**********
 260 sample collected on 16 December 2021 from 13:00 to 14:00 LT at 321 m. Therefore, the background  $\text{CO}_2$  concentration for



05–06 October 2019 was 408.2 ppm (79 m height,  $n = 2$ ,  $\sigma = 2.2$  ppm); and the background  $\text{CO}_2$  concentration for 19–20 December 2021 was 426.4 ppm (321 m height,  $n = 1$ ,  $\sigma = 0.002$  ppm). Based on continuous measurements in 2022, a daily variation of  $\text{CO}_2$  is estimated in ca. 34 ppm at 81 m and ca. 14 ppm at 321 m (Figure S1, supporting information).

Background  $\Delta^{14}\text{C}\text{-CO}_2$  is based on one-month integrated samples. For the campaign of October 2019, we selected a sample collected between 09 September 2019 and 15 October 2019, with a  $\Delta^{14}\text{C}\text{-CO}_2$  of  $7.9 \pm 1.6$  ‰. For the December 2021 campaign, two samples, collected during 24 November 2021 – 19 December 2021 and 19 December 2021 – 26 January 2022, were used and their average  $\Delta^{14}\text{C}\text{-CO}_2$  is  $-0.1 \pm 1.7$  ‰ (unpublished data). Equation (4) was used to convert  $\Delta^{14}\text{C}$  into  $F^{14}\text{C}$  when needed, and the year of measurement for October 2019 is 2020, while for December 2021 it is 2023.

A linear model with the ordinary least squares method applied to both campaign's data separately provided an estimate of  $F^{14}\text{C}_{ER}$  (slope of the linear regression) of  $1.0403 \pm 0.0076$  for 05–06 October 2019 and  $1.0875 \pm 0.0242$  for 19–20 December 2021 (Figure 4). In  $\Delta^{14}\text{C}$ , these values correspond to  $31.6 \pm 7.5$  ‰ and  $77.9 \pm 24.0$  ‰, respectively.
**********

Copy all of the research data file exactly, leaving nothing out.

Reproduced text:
 260 sample collected on 16 December 2021 from 13:00 to 14:00 LT at 321 m. Therefore, the background  $\text{CO}_2$  concentration for



05–06 October 2019 was 408.2 ppm (79 m height,  $n = 2$ ,  $\sigma = 2.2$  ppm); and the background  $\text{CO}_2$  concentration for 19–20 December 2021 was 426.4 ppm (321 m height,  $n = 1$ ,  $\sigma = 0.002$  ppm). Based on continuous measurements in 2022, a daily variation of  $\text{CO}_2$  is estimated in ca. 34 ppm at 81 m and ca. 14 ppm at 321 m (Figure S1, supporting information).

Background  $\Delta^{14}\text{C}\text{-CO}_2$  is based on one-month integrated samples. For the campaign of October 2019, we selected a sample collected between 09 September 2019 and 15 October 2019, with a  $\Delta^{14}\text{C}\text{-CO}_2$  of  $7.9 \pm 1.6$  ‰. For the December 2021 campaign, two samples, collected during 24 November 2021 – 19 December 2021 and 19 December 2021 – 26 January 2022, were used and their average  $\Delta^{14}\text{C}\text{-CO}_2$  is  $-0.1 \pm 1.7$  ‰ (unpublished data). Equation (4) was used to convert  $\Delta^{14}\text{C}$  into  $F^{14}\text{C}$  when needed, and the year of measurement for October 2019 is 2020, while for December 2021 it is 2023.

A linear model with the ordinary least squares method applied to both campaign's data separately provided an estimate of  $F^{14}\text{C}_{ER}$  (slope of the linear regression) of  $1.0403 \pm 0.0076$  for 05–06 October 2019 and  $1.0875 \pm 0.0242$  for 19–20 December 2021 (Figure 4). In  $\Delta^{14}\text{C}$ , these values correspond to  $31.6 \pm 7.5$  ‰ and  $77.9 \pm 24.0$  ‰, respectively.